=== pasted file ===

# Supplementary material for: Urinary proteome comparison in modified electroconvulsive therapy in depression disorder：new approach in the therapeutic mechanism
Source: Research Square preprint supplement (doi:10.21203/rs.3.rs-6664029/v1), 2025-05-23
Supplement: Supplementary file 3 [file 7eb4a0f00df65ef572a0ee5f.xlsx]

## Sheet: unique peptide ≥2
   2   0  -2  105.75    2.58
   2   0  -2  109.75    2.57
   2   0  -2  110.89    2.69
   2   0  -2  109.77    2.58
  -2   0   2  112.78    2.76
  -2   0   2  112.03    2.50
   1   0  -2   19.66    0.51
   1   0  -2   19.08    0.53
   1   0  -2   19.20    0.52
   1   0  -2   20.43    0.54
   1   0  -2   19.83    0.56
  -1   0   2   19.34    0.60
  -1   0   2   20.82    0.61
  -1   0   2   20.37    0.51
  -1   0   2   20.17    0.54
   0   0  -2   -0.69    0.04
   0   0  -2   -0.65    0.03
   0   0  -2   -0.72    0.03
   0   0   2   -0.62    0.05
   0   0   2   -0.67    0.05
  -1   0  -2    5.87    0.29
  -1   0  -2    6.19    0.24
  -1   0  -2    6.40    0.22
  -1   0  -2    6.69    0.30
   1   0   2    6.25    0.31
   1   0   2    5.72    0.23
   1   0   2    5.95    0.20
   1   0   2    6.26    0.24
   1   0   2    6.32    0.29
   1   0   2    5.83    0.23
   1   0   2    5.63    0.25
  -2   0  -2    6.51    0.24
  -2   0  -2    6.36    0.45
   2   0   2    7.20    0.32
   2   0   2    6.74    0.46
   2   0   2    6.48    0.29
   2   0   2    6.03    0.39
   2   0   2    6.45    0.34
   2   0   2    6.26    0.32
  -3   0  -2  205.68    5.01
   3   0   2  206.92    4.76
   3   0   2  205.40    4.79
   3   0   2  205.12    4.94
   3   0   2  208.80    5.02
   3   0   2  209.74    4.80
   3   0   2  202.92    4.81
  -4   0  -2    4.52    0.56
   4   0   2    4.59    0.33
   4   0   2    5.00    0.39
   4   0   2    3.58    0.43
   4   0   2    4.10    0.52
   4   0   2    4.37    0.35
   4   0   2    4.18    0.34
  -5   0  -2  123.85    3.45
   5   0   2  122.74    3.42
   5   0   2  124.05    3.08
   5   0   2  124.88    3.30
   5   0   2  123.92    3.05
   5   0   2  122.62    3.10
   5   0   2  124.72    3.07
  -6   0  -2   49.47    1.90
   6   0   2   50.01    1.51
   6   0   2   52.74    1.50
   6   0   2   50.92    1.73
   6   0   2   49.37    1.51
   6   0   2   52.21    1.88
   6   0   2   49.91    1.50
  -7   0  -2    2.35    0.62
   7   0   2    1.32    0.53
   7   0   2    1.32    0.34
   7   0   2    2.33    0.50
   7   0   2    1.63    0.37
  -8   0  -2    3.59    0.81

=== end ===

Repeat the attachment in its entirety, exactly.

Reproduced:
# Supplementary material for: Urinary proteome comparison in modified electroconvulsive therapy in depression disorder：new approach in the therapeutic mechanism
Source: Research Square preprint supplement (doi:10.21203/rs.3.rs-6664029/v1), 2025-05-23
Supplement: Supplementary file 3 [file 7eb4a0f00df65ef572a0ee5f.xlsx]

## Sheet: unique peptide ≥2
   2   0  -2  105.75    2.58
   2   0  -2  109.75    2.57
   2   0  -2  110.89    2.69
   2   0  -2  109.77    2.58
  -2   0   2  112.78    2.76
  -2   0   2  112.03    2.50
   1   0  -2   19.66    0.51
   1   0  -2   19.08    0.53
   1   0  -2   19.20    0.52
   1   0  -2   20.43    0.54
   1   0  -2   19.83    0.56
  -1   0   2   19.34    0.60
  -1   0   2   20.82    0.61
  -1   0   2   20.37    0.51
  -1   0   2   20.17    0.54
   0   0  -2   -0.69    0.04
   0   0  -2   -0.65    0.03
   0   0  -2   -0.72    0.03
   0   0   2   -0.62    0.05
   0   0   2   -0.67    0.05
  -1   0  -2    5.87    0.29
  -1   0  -2    6.19    0.24
  -1   0  -2    6.40    0.22
  -1   0  -2    6.69    0.30
   1   0   2    6.25    0.31
   1   0   2    5.72    0.23
   1   0   2    5.95    0.20
   1   0   2    6.26    0.24
   1   0   2    6.32    0.29
   1   0   2    5.83    0.23
   1   0   2    5.63    0.25
  -2   0  -2    6.51    0.24
  -2   0  -2    6.36    0.45
   2   0   2    7.20    0.32
   2   0   2    6.74    0.46
   2   0   2    6.48    0.29
   2   0   2    6.03    0.39
   2   0   2    6.45    0.34
   2   0   2    6.26    0.32
  -3   0  -2  205.68    5.01
   3   0   2  206.92    4.76
   3   0   2  205.40    4.79
   3   0   2  205.12    4.94
   3   0   2  208.80    5.02
   3   0   2  209.74    4.80
   3   0   2  202.92    4.81
  -4   0  -2    4.52    0.56
   4   0   2    4.59    0.33
   4   0   2    5.00    0.39
   4   0   2    3.58    0.43
   4   0   2    4.10    0.52
   4   0   2    4.37    0.35
   4   0   2    4.18    0.34
  -5   0  -2  123.85    3.45
   5   0   2  122.74    3.42
   5   0   2  124.05    3.08
   5   0   2  124.88    3.30
   5   0   2  123.92    3.05
   5   0   2  122.62    3.10
   5   0   2  124.72    3.07
  -6   0  -2   49.47    1.90
   6   0   2   50.01    1.51
   6   0   2   52.74    1.50
   6   0   2   50.92    1.73
   6   0   2   49.37    1.51
   6   0   2   52.21    1.88
   6   0   2   49.91    1.50
  -7   0  -2    2.35    0.62
   7   0   2    1.32    0.53
   7   0   2    1.32    0.34
   7   0   2    2.33    0.50
   7   0   2    1.63    0.37
  -8   0  -2    3.59    0.81